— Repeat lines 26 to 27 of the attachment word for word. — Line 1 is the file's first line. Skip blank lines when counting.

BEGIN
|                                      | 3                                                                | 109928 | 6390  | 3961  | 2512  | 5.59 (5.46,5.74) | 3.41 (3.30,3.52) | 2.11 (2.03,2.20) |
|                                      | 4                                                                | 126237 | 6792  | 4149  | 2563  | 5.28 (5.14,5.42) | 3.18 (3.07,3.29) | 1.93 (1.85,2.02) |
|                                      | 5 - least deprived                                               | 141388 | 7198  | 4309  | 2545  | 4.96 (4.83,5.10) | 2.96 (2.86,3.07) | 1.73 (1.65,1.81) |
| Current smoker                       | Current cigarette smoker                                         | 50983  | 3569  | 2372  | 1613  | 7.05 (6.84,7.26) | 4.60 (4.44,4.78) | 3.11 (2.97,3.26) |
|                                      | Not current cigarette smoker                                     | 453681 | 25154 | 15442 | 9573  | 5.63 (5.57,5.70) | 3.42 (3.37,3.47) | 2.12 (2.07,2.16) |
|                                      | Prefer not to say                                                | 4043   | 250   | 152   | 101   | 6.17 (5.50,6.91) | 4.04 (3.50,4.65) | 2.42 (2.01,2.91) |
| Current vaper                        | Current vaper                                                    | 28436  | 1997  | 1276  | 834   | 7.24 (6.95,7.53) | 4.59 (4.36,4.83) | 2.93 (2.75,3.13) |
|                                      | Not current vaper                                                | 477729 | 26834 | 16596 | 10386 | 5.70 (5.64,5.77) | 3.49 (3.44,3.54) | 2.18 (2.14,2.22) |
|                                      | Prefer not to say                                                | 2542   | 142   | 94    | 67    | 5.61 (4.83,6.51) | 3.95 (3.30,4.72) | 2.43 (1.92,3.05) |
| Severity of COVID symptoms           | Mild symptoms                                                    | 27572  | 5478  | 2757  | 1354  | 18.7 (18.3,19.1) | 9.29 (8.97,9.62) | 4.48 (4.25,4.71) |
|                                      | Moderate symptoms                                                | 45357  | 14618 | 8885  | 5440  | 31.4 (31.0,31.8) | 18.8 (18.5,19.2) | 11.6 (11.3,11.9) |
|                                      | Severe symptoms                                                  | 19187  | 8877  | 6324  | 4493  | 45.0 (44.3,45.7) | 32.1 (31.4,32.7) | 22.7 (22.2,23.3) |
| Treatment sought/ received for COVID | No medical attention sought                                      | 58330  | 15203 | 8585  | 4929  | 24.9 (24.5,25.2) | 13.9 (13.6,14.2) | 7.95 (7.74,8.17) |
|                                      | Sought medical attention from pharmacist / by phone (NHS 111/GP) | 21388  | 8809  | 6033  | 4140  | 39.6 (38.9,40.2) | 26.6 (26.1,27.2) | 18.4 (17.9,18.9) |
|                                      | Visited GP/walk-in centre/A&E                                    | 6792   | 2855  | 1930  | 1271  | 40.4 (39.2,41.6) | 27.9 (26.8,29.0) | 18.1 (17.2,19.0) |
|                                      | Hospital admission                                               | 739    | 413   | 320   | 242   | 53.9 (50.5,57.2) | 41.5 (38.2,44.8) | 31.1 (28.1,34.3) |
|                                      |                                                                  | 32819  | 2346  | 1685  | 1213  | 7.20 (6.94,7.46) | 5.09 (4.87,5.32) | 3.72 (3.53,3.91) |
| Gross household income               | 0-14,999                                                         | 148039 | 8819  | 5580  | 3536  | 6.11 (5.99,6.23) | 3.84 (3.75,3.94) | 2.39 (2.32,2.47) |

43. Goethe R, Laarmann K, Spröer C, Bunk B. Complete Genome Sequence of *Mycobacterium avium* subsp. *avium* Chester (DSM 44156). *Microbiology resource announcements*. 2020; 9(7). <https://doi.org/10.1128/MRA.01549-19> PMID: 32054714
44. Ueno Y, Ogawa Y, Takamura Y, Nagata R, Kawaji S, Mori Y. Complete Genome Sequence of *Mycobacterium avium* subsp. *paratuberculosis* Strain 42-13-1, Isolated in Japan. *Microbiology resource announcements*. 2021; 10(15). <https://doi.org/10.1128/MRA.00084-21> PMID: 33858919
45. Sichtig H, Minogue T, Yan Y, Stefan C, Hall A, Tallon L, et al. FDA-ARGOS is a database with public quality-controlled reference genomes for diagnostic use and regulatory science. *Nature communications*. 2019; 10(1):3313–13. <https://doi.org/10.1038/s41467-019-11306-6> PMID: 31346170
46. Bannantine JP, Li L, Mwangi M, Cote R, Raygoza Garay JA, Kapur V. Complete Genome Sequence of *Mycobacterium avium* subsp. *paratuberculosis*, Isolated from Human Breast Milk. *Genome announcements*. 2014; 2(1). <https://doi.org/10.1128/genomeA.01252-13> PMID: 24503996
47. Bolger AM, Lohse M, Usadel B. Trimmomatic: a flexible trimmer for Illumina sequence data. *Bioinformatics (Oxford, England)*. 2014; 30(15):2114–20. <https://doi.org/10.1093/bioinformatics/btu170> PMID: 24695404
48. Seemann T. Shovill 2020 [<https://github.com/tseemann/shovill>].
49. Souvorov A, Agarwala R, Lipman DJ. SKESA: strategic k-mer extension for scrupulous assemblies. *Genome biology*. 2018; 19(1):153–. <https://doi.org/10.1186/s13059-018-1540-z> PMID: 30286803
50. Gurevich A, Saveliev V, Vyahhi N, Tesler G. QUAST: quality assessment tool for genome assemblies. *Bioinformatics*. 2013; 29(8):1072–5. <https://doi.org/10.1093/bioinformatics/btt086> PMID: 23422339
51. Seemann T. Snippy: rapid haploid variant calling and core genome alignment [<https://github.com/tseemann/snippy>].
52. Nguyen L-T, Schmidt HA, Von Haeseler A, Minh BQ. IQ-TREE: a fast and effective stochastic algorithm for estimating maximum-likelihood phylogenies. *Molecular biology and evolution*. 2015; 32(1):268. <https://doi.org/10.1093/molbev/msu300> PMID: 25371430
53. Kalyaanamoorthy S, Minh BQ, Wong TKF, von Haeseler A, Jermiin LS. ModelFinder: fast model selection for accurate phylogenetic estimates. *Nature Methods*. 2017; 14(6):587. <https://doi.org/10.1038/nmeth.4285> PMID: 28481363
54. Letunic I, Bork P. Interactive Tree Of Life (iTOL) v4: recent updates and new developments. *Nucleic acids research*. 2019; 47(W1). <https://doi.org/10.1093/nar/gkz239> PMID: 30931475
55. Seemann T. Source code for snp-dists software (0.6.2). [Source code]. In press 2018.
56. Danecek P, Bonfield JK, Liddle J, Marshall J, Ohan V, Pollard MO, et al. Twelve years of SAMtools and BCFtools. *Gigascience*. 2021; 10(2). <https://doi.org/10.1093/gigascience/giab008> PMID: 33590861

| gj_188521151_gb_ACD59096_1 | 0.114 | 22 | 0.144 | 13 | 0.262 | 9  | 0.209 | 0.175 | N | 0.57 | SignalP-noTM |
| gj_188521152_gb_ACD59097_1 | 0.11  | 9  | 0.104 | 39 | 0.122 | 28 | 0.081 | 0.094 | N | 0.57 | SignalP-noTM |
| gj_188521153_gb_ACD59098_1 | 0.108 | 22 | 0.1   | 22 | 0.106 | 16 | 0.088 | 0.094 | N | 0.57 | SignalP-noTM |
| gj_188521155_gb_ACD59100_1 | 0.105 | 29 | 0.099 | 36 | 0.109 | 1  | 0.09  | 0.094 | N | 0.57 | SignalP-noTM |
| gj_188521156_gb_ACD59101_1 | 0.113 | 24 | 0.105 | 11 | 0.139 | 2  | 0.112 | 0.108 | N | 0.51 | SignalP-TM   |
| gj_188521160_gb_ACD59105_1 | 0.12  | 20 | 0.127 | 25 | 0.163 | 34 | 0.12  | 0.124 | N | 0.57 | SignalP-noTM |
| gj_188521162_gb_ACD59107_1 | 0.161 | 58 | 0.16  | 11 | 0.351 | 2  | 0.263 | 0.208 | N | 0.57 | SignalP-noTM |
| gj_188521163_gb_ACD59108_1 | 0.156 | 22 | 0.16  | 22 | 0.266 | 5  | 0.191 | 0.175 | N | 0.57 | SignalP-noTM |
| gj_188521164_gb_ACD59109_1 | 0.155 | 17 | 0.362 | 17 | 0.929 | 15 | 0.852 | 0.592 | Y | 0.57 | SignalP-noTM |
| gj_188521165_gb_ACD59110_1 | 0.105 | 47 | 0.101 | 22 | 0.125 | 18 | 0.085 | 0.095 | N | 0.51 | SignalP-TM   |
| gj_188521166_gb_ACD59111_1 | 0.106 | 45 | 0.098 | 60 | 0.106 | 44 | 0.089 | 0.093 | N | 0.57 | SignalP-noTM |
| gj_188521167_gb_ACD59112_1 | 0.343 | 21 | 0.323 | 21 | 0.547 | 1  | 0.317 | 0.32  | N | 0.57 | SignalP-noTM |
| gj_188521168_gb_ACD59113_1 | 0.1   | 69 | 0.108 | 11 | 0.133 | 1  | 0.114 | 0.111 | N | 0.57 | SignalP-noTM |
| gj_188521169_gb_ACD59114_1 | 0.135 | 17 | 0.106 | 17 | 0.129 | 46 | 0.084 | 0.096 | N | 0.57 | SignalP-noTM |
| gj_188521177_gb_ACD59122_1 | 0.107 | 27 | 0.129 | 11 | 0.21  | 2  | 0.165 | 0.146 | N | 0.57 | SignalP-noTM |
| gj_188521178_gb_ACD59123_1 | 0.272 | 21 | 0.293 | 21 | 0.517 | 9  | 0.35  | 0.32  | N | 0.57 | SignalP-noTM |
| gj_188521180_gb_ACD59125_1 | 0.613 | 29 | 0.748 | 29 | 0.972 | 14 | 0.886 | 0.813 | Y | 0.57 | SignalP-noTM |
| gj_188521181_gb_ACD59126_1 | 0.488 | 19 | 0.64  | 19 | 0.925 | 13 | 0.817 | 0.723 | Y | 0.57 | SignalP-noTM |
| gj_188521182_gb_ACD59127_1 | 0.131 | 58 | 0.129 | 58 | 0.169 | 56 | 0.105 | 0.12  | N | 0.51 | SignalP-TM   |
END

50. Gurevich A, Saveliev V, Vyahhi N, Tesler G. QUAST: quality assessment tool for genome assemblies. *Bioinformatics*. 2013; 29(8):1072–5. <https://doi.org/10.1093/bioinformatics/btt086> PMID: 23422339
51. Seemann T. Snippy: rapid haploid variant calling and core genome alignment [<https://github.com/tseemann/snippy>].